Summarizing recent chemical literature
Authors: Kai Zhang and Yuegang Zuo
Journal: Journal of Agricultural and Food Chemistry
Affiliation: Department of Chemistry and Biochemistry, University of Massachusetts Dartmouth
|Figure portion reprinted with permission from J. Agric. Food Chem., 2004, 52 (2), pp 222–227. Copyright 2004 American Chemical Society.|
Does your mental picture of Thanksgiving include phenolic acids? Perhaps it should!
We rarely think about chemistry in relation to food, especially given the stigma of “chemicals” in food, but chemicals constitute the nutritional value, the delicious (or not-so-delicious) flavors, and arguably everything else about what we eat. Chemistry can therefore play a valuable role in understanding the way we interact with food, both in terms of tastes and textures and in terms of biology.
To do the biological study of how particular (good) chemicals like antioxidants affect people, there needs to be a quick, reliable, and consistent way to measure those chemicals in humans. Furthermore, a good method would test for multiple chemicals, because the health benefits from some chemicals only exist in the presence of others (phenolic acids and flavonoids in this case). The authors of this paper demonstrate a gas-chromatography mass-spectrometry (GC-MS) method to investigate how some of the chemicals present in cranberries (from cranberry juice) go into your bloodstream after you ingest them.
Zhang et al. performed an ethyl acetate extraction on human blood plasma samples taken 45 minutes and 270 minutes after the subjects consumed cranberry juice. The phenolic and benzoic acid compounds in the ethyl acetate phase are allowed to react with a trimethylsilyl-ating reagent (BSTFA (N,O-bis(trimethylsilyl) trifluoroacetamide) + TMCS (trimethylchlorosilane)) so that the derivatives can be easily identified as peaks in the GC-MS spectrum.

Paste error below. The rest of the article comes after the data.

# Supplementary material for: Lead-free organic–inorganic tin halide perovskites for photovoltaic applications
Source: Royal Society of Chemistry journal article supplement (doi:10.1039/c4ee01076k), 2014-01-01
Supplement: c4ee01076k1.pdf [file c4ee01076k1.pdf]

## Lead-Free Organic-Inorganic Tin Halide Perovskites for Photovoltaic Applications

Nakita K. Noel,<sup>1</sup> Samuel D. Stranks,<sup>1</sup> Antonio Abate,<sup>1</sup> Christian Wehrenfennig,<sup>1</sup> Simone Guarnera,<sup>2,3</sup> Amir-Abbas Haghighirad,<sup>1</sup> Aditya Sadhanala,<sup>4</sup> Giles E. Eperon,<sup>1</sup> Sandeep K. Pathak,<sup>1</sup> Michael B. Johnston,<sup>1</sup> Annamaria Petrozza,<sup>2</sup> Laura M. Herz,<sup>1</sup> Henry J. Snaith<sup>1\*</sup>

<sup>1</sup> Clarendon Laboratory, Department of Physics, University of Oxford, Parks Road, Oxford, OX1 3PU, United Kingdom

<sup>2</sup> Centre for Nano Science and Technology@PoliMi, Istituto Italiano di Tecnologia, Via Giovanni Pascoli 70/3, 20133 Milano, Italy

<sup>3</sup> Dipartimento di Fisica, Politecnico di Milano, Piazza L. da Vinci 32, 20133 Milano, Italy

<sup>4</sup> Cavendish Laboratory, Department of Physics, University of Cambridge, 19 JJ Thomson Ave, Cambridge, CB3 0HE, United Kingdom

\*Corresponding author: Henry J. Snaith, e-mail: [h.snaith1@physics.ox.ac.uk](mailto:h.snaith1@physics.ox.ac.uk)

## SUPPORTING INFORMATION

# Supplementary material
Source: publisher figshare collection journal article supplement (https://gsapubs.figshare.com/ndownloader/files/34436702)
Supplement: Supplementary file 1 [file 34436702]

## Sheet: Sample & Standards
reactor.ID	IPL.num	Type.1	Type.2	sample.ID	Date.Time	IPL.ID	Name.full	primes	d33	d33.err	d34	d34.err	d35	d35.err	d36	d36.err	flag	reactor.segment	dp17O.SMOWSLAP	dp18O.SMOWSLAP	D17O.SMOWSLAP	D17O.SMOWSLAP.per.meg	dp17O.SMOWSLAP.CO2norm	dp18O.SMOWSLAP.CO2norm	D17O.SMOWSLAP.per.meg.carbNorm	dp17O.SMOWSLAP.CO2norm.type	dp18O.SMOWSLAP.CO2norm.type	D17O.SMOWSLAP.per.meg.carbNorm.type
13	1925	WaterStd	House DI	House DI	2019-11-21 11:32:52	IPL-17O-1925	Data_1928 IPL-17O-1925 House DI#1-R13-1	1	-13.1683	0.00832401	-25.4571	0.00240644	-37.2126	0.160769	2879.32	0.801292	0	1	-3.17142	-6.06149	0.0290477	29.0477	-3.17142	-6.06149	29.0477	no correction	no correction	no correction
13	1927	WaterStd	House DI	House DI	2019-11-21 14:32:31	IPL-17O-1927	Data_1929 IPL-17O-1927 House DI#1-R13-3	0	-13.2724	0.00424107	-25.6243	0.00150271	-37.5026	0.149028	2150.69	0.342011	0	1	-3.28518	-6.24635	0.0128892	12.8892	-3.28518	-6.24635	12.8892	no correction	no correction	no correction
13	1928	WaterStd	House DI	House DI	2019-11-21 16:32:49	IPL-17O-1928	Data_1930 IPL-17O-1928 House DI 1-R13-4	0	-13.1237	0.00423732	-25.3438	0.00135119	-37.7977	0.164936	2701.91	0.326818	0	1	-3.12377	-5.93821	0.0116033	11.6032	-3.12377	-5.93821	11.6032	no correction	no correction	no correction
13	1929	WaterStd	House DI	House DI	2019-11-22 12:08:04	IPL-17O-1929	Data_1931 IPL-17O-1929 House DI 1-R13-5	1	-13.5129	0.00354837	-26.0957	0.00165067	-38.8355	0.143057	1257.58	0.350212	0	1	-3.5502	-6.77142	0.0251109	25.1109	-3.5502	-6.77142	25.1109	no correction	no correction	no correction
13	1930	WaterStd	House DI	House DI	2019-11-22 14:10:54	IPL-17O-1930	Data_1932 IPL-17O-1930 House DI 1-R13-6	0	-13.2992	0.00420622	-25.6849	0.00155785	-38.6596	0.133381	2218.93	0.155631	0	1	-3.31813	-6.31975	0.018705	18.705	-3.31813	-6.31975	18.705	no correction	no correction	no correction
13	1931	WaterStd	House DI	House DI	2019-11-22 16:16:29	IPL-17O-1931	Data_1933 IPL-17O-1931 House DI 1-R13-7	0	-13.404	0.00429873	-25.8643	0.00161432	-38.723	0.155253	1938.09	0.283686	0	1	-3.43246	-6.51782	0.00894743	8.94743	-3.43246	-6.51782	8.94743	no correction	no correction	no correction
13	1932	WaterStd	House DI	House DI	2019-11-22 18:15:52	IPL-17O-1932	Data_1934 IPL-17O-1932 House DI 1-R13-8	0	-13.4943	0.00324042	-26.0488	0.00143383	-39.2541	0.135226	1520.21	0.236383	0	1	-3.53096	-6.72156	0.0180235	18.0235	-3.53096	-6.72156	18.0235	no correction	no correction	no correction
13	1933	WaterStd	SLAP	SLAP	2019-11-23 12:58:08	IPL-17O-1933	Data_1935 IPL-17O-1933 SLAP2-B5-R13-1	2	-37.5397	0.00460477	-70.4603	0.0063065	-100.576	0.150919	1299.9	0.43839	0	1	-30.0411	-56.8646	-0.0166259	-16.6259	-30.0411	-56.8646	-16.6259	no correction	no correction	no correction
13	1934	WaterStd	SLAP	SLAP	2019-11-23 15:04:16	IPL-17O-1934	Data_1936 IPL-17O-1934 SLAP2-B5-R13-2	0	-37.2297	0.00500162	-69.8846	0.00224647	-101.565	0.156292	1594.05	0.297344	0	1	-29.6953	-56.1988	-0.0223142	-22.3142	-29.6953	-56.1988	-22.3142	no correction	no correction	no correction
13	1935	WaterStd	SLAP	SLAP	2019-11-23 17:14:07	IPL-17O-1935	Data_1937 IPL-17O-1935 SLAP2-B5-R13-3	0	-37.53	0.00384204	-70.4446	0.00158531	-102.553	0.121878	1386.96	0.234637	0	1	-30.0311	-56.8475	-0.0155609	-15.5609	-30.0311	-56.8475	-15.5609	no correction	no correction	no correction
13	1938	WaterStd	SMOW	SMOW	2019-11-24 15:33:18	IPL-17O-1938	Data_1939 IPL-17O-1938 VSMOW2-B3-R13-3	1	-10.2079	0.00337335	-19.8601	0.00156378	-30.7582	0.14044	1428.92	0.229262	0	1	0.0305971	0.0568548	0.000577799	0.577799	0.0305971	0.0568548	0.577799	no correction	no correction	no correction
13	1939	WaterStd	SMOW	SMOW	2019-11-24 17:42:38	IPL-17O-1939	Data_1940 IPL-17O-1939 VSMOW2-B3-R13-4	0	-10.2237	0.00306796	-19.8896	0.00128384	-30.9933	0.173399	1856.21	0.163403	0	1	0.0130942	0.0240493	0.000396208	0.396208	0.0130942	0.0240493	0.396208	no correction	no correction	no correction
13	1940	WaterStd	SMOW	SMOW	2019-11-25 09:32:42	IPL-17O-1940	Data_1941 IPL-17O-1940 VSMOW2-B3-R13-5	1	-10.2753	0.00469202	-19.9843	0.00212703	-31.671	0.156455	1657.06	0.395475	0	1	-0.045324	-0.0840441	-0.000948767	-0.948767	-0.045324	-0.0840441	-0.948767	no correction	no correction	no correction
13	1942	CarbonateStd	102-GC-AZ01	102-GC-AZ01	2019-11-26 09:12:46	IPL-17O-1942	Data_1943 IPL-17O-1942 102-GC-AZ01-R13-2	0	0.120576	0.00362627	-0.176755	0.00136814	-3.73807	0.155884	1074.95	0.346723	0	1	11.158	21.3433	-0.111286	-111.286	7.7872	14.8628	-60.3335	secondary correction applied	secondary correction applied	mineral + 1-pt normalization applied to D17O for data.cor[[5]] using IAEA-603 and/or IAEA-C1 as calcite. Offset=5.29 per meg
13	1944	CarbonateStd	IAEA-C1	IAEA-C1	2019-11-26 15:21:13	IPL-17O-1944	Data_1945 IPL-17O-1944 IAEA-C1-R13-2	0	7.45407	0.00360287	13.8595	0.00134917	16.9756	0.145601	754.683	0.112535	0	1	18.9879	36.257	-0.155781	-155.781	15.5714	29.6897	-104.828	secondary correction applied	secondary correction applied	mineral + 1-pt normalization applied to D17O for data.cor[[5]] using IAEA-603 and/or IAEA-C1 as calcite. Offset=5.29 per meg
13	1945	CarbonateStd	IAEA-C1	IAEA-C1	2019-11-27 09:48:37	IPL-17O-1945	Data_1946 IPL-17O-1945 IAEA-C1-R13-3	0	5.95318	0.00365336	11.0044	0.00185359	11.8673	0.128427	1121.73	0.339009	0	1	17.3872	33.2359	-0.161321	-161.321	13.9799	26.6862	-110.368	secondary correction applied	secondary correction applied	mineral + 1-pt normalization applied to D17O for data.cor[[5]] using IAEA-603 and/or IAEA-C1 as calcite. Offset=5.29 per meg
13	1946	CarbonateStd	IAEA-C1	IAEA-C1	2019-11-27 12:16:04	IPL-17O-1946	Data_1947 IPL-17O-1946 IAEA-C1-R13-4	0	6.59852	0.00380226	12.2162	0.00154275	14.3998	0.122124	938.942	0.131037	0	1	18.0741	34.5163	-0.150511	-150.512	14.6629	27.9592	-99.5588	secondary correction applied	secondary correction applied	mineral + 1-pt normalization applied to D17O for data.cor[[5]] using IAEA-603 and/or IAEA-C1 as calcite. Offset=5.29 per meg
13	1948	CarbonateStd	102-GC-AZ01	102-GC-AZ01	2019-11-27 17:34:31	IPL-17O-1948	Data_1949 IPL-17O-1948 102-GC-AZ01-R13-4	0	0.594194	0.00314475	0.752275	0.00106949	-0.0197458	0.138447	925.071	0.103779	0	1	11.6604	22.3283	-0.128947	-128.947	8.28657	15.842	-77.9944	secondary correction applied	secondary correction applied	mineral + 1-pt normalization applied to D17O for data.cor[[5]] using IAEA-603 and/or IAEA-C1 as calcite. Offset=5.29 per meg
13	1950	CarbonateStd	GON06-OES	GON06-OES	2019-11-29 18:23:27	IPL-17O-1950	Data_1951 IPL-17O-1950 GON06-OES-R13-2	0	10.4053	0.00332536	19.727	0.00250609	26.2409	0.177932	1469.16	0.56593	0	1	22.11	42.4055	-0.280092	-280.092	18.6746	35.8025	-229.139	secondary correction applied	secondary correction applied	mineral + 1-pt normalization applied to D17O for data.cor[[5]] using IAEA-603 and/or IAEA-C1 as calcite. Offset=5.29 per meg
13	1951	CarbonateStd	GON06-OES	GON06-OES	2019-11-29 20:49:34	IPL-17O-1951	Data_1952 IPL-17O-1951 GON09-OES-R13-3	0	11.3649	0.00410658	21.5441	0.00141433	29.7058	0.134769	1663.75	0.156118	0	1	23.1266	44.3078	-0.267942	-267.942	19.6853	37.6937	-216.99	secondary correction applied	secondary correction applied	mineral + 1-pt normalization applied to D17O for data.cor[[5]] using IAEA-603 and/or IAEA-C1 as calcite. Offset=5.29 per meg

The ever-important control samples to qualify this technique as legitimate were samples of the subjects’ blood plasma before the consumption of the cranberry juice, and also samples of the pre-cranberry blood with the intentional addition of a known amount of 20 standard phenolic compounds. The latter samples allow the experimenters to determine to what extent their method is able to quantitatively determine levels of these various compounds in the same environment as the real post-cranberry samples. They found that the ethyl acetate extraction was able to achieve at least 63% recovery for the standard phenolic compounds, with the exception of o-phthalic acid, which had a recovery of 30% that is presumably due to its low solubility in ethyl acetate or a strong binding affinity toward components of the plasma.
The compounds found in the 45-minute samples were benzoic acid (1), o-hydroxybenzoic acid (2), p-hydroxyphenylacetic acid (6), 2,3-dihydroxybenzoic acid (8), and 2,4-dihydroxybenzoic acid (11) (numbers indicate the chemical structures from the figure). The 270-minute samples contained these compounds as well as ferulic acid (13) and sinapic acid (15). One interesting point about these compounds is that two of them (p-hydroxyphenylacetic and 2,4-dihydroxybenzoic acid) are not found in the cranberry juice, but they are found in the human blood plasma after consuming cranberry juice (and not before). This result suggests that these two compounds are the result of chemistry occurring in the human body that uses some of the original phenolic compounds in the cranberry juice as reactants!
This simple extraction and GC-MS method can be used for a variety of compounds-not just those in cranberries. The authors hope this method will be useful in measuring levels of antioxidants in biological studies to determine their bioavailability and pharmacokinetics (how the body processes the chemicals it ingests).
Happy Thanksgiving from chembites!